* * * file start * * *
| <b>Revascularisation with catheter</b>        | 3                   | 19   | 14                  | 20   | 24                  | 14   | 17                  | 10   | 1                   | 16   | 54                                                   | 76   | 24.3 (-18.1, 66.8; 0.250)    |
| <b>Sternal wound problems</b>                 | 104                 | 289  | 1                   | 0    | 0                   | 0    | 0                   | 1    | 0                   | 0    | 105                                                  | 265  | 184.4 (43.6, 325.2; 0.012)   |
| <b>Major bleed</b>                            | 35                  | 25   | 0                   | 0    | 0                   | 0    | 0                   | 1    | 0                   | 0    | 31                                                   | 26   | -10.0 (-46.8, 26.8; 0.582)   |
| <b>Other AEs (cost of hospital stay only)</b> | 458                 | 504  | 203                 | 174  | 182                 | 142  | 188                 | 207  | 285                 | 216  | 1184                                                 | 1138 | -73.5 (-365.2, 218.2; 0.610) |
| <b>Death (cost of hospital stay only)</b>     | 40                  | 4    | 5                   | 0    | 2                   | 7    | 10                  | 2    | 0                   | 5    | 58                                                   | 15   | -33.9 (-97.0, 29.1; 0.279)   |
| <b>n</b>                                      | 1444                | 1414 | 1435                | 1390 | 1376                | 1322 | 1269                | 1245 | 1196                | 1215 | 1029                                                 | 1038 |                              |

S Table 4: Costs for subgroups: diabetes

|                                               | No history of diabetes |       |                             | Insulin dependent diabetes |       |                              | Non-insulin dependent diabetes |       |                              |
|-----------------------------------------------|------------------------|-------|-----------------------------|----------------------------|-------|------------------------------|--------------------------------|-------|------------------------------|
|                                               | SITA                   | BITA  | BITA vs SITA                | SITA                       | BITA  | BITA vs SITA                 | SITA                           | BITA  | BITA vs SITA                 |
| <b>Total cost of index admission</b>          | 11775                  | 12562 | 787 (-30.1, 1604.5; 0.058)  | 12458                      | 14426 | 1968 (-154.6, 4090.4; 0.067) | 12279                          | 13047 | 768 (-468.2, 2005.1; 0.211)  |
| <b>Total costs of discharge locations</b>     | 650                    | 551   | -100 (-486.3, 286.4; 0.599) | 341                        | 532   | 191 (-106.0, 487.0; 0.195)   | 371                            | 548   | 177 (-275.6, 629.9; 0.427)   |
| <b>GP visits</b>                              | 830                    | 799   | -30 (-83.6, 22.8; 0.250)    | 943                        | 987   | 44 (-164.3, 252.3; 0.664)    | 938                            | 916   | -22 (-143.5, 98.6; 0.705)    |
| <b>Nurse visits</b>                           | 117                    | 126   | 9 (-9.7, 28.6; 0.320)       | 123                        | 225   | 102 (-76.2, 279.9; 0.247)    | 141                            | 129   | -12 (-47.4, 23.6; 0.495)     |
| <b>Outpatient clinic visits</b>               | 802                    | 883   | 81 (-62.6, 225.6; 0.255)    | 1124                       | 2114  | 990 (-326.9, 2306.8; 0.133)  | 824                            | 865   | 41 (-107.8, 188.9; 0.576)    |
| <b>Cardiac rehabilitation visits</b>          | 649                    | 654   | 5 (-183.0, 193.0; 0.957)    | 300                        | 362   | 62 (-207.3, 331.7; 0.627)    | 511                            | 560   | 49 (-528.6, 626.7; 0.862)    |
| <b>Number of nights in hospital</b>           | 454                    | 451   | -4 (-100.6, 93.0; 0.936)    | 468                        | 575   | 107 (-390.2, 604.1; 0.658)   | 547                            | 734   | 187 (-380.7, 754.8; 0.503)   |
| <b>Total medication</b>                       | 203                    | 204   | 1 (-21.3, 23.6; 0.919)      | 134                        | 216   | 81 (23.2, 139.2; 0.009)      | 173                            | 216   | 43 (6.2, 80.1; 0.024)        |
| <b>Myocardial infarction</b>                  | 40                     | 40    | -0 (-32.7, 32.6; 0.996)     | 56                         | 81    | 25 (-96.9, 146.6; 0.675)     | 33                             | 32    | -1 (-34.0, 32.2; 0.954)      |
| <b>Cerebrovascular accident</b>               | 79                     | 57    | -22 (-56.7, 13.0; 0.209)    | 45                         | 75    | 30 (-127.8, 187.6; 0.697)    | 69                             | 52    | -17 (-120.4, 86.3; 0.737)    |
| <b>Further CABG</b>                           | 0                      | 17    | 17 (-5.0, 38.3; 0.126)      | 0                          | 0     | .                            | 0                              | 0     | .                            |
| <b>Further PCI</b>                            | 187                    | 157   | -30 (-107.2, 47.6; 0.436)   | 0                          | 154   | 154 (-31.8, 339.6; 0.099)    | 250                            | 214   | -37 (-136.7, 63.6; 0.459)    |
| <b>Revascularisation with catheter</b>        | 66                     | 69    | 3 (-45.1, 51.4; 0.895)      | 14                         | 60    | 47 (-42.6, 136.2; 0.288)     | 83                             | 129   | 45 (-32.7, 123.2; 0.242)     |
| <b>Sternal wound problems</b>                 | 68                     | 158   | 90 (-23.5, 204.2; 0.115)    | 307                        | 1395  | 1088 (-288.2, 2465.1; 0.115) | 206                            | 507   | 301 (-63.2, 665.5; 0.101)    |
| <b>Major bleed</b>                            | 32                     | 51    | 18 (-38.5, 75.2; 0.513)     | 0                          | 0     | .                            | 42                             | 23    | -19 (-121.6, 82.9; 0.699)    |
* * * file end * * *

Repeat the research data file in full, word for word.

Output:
| <b>Revascularisation with catheter</b>        | 3                   | 19   | 14                  | 20   | 24                  | 14   | 17                  | 10   | 1                   | 16   | 54                                                   | 76   | 24.3 (-18.1, 66.8; 0.250)    |
| <b>Sternal wound problems</b>                 | 104                 | 289  | 1                   | 0    | 0                   | 0    | 0                   | 1    | 0                   | 0    | 105                                                  | 265  | 184.4 (43.6, 325.2; 0.012)   |
| <b>Major bleed</b>                            | 35                  | 25   | 0                   | 0    | 0                   | 0    | 0                   | 1    | 0                   | 0    | 31                                                   | 26   | -10.0 (-46.8, 26.8; 0.582)   |
| <b>Other AEs (cost of hospital stay only)</b> | 458                 | 504  | 203                 | 174  | 182                 | 142  | 188                 | 207  | 285                 | 216  | 1184                                                 | 1138 | -73.5 (-365.2, 218.2; 0.610) |
| <b>Death (cost of hospital stay only)</b>     | 40                  | 4    | 5                   | 0    | 2                   | 7    | 10                  | 2    | 0                   | 5    | 58                                                   | 15   | -33.9 (-97.0, 29.1; 0.279)   |
| <b>n</b>                                      | 1444                | 1414 | 1435                | 1390 | 1376                | 1322 | 1269                | 1245 | 1196                | 1215 | 1029                                                 | 1038 |                              |

S Table 4: Costs for subgroups: diabetes

|                                               | No history of diabetes |       |                             | Insulin dependent diabetes |       |                              | Non-insulin dependent diabetes |       |                              |
|-----------------------------------------------|------------------------|-------|-----------------------------|----------------------------|-------|------------------------------|--------------------------------|-------|------------------------------|
|                                               | SITA                   | BITA  | BITA vs SITA                | SITA                       | BITA  | BITA vs SITA                 | SITA                           | BITA  | BITA vs SITA                 |
| <b>Total cost of index admission</b>          | 11775                  | 12562 | 787 (-30.1, 1604.5; 0.058)  | 12458                      | 14426 | 1968 (-154.6, 4090.4; 0.067) | 12279                          | 13047 | 768 (-468.2, 2005.1; 0.211)  |
| <b>Total costs of discharge locations</b>     | 650                    | 551   | -100 (-486.3, 286.4; 0.599) | 341                        | 532   | 191 (-106.0, 487.0; 0.195)   | 371                            | 548   | 177 (-275.6, 629.9; 0.427)   |
| <b>GP visits</b>                              | 830                    | 799   | -30 (-83.6, 22.8; 0.250)    | 943                        | 987   | 44 (-164.3, 252.3; 0.664)    | 938                            | 916   | -22 (-143.5, 98.6; 0.705)    |
| <b>Nurse visits</b>                           | 117                    | 126   | 9 (-9.7, 28.6; 0.320)       | 123                        | 225   | 102 (-76.2, 279.9; 0.247)    | 141                            | 129   | -12 (-47.4, 23.6; 0.495)     |
| <b>Outpatient clinic visits</b>               | 802                    | 883   | 81 (-62.6, 225.6; 0.255)    | 1124                       | 2114  | 990 (-326.9, 2306.8; 0.133)  | 824                            | 865   | 41 (-107.8, 188.9; 0.576)    |
| <b>Cardiac rehabilitation visits</b>          | 649                    | 654   | 5 (-183.0, 193.0; 0.957)    | 300                        | 362   | 62 (-207.3, 331.7; 0.627)    | 511                            | 560   | 49 (-528.6, 626.7; 0.862)    |
| <b>Number of nights in hospital</b>           | 454                    | 451   | -4 (-100.6, 93.0; 0.936)    | 468                        | 575   | 107 (-390.2, 604.1; 0.658)   | 547                            | 734   | 187 (-380.7, 754.8; 0.503)   |
| <b>Total medication</b>                       | 203                    | 204   | 1 (-21.3, 23.6; 0.919)      | 134                        | 216   | 81 (23.2, 139.2; 0.009)      | 173                            | 216   | 43 (6.2, 80.1; 0.024)        |
| <b>Myocardial infarction</b>                  | 40                     | 40    | -0 (-32.7, 32.6; 0.996)     | 56                         | 81    | 25 (-96.9, 146.6; 0.675)     | 33                             | 32    | -1 (-34.0, 32.2; 0.954)      |
| <b>Cerebrovascular accident</b>               | 79                     | 57    | -22 (-56.7, 13.0; 0.209)    | 45                         | 75    | 30 (-127.8, 187.6; 0.697)    | 69                             | 52    | -17 (-120.4, 86.3; 0.737)    |
| <b>Further CABG</b>                           | 0                      | 17    | 17 (-5.0, 38.3; 0.126)      | 0                          | 0     | .                            | 0                              | 0     | .                            |
| <b>Further PCI</b>                            | 187                    | 157   | -30 (-107.2, 47.6; 0.436)   | 0                          | 154   | 154 (-31.8, 339.6; 0.099)    | 250                            | 214   | -37 (-136.7, 63.6; 0.459)    |
| <b>Revascularisation with catheter</b>        | 66                     | 69    | 3 (-45.1, 51.4; 0.895)      | 14                         | 60    | 47 (-42.6, 136.2; 0.288)     | 83                             | 129   | 45 (-32.7, 123.2; 0.242)     |
| <b>Sternal wound problems</b>                 | 68                     | 158   | 90 (-23.5, 204.2; 0.115)    | 307                        | 1395  | 1088 (-288.2, 2465.1; 0.115) | 206                            | 507   | 301 (-63.2, 665.5; 0.101)    |
| <b>Major bleed</b>                            | 32                     | 51    | 18 (-38.5, 75.2; 0.513)     | 0                          | 0     | .                            | 42                             | 23    | -19 (-121.6, 82.9; 0.699)    |